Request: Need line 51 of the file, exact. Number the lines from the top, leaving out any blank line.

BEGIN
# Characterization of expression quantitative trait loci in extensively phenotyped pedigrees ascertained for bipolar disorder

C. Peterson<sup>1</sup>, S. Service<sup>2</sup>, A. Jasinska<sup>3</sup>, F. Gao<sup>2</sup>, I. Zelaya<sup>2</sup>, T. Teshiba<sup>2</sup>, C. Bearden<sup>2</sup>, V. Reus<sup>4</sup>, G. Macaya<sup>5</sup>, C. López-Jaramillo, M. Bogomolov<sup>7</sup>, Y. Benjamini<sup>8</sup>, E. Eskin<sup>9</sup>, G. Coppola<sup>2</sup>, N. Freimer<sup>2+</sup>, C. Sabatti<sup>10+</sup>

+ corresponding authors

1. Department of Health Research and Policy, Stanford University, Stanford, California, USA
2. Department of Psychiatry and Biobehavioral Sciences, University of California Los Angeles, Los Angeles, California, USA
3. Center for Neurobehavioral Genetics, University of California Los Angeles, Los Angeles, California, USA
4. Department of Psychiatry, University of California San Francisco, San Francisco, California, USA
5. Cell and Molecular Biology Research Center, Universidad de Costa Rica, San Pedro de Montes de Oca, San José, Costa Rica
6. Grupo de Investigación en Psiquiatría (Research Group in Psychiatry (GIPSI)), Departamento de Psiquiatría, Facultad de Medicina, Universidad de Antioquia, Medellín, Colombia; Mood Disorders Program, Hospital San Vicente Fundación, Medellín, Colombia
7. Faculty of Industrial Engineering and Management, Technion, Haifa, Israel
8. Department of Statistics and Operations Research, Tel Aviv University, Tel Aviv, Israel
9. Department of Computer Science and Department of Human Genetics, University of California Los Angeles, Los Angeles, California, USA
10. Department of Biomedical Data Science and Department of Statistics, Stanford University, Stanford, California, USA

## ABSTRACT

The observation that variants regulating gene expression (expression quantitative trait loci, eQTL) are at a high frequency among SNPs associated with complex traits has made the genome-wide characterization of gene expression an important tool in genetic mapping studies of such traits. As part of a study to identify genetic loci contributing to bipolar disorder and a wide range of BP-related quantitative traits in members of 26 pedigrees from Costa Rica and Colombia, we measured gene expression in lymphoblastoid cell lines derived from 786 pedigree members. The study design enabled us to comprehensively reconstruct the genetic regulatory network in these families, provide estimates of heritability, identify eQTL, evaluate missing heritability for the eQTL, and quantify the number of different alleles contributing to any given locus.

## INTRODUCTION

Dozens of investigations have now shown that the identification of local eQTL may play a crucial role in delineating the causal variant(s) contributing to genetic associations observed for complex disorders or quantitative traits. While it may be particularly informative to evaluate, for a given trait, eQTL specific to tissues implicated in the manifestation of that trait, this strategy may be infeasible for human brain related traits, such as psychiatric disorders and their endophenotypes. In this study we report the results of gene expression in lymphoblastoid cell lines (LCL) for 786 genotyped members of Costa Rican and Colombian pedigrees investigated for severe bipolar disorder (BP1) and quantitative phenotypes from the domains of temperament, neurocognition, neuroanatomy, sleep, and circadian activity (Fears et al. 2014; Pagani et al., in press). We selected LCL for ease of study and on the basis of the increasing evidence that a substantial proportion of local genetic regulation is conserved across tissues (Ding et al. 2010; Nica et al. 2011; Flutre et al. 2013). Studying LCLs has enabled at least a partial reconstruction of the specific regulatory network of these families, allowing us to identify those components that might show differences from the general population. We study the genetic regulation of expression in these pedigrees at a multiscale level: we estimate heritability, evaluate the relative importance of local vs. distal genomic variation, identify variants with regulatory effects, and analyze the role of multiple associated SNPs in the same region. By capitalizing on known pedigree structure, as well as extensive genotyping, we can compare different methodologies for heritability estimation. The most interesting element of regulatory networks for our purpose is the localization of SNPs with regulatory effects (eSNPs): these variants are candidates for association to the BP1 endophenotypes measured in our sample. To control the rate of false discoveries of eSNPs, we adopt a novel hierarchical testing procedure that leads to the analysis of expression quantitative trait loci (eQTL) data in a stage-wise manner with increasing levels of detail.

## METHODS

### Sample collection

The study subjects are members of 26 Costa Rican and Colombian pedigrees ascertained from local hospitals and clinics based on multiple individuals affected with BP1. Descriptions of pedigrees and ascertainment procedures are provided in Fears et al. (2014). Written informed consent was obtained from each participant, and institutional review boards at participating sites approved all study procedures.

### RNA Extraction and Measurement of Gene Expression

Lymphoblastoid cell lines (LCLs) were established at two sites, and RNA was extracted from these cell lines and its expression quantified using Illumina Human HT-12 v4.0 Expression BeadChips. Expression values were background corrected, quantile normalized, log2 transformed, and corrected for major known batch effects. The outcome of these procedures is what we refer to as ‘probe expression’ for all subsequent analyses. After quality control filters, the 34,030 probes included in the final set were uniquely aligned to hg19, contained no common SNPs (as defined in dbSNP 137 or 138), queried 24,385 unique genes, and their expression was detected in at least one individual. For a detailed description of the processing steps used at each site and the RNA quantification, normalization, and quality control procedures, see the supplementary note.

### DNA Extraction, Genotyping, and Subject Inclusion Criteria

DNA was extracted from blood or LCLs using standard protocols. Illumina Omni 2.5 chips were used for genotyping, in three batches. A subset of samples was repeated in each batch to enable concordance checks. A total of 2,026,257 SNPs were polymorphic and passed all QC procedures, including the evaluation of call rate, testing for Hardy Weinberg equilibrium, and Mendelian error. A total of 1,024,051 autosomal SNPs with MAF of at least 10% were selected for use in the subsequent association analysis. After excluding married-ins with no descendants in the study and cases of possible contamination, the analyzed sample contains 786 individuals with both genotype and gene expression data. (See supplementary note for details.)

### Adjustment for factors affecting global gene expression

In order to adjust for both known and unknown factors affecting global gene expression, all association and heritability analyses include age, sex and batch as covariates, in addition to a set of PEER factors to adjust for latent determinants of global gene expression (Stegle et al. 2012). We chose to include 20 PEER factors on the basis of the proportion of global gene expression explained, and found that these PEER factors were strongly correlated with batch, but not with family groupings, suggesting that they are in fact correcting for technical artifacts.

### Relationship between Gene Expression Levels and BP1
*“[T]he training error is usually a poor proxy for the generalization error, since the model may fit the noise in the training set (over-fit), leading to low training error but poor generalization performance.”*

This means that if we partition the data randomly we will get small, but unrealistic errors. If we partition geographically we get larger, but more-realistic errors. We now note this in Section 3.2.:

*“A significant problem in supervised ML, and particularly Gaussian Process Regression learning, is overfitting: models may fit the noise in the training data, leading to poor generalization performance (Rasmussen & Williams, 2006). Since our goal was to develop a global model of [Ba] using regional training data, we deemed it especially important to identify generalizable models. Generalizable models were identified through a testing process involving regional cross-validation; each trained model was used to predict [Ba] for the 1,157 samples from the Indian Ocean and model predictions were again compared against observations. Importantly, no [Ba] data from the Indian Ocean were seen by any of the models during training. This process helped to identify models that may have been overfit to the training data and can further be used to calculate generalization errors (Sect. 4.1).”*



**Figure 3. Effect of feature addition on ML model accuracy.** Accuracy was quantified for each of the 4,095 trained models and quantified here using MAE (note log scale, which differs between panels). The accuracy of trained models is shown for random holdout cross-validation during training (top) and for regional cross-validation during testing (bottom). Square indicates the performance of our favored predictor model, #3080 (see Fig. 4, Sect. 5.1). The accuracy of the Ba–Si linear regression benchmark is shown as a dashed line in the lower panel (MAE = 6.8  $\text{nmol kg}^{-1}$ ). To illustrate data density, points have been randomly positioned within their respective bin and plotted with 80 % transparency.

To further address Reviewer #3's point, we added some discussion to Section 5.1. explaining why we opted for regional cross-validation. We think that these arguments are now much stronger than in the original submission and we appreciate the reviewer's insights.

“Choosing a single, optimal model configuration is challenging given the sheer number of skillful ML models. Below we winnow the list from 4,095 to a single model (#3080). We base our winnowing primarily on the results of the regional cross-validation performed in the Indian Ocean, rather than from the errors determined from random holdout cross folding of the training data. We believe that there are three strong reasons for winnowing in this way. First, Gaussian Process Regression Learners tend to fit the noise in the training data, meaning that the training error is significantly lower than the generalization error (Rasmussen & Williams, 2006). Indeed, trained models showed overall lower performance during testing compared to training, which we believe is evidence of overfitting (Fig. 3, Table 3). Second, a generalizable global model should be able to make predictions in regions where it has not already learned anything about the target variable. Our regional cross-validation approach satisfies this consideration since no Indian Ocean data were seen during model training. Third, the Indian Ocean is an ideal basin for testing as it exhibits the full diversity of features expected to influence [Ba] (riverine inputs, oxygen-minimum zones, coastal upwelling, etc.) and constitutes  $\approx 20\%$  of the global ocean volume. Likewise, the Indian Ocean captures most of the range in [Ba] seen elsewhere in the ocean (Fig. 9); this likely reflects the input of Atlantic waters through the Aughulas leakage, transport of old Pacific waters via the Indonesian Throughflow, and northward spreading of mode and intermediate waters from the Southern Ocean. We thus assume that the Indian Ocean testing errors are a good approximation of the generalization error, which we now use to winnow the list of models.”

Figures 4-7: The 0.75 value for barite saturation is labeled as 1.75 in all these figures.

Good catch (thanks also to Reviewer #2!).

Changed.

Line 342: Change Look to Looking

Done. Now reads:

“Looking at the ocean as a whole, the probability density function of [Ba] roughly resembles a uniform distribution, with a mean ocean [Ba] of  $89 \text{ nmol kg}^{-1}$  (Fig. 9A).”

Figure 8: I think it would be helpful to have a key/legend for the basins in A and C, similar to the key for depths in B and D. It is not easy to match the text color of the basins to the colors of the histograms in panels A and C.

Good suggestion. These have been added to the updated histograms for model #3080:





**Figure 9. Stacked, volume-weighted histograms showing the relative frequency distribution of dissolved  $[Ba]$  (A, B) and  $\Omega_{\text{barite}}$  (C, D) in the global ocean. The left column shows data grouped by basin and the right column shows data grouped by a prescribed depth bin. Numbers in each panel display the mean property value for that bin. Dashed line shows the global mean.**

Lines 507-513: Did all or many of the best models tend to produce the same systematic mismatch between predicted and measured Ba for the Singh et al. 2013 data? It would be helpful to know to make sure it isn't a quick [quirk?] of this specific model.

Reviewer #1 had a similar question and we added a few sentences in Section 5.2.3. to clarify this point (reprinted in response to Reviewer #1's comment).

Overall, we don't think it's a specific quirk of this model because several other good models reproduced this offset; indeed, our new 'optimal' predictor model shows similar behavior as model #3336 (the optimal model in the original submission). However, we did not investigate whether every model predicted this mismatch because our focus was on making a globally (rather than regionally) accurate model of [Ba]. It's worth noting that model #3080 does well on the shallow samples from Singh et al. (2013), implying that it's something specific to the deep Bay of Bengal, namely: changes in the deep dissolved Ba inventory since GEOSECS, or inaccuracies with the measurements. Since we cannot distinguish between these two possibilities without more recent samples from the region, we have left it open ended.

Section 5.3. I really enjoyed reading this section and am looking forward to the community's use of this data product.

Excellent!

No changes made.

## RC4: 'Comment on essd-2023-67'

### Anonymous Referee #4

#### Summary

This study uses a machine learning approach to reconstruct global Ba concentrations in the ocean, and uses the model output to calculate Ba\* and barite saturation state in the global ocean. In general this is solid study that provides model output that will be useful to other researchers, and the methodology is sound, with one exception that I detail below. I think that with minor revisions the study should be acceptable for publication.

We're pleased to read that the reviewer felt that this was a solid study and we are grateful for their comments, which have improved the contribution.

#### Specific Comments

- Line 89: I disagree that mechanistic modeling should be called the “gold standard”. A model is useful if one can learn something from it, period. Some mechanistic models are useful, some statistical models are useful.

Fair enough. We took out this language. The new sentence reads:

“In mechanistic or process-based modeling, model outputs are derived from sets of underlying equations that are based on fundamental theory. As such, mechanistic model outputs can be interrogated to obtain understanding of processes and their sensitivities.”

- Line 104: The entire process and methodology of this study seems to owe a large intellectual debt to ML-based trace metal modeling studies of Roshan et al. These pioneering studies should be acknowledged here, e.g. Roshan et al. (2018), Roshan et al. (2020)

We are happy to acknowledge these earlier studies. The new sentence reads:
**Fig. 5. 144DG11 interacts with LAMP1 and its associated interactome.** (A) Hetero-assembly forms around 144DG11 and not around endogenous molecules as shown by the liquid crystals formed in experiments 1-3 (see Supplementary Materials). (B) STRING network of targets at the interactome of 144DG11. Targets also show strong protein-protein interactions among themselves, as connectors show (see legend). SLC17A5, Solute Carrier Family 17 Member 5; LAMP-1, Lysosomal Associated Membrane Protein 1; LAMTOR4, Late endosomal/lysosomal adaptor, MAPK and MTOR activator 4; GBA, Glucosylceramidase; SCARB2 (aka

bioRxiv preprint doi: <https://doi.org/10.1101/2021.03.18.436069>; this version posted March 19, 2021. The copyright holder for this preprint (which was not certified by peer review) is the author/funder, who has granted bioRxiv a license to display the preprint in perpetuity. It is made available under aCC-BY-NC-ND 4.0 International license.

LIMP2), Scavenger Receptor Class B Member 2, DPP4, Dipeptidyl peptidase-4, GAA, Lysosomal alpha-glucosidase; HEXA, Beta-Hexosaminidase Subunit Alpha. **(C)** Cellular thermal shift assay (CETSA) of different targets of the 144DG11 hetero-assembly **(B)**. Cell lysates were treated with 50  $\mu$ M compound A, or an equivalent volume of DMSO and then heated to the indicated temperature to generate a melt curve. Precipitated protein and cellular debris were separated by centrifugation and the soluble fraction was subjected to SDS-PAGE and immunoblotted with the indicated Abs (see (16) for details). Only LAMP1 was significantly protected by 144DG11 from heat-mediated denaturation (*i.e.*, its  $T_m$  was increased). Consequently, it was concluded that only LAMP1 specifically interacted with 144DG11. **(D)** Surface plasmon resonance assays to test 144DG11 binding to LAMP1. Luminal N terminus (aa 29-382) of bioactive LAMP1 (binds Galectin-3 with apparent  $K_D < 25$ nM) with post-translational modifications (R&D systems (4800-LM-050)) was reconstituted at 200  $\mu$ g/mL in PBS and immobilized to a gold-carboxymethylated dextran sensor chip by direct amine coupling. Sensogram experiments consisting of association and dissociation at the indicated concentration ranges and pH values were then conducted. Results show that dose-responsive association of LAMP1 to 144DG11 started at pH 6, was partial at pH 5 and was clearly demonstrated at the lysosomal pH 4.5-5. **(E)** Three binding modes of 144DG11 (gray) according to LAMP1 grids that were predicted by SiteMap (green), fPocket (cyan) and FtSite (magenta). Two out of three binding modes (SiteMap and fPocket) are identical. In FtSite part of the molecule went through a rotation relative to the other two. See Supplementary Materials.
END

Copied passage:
#### Summary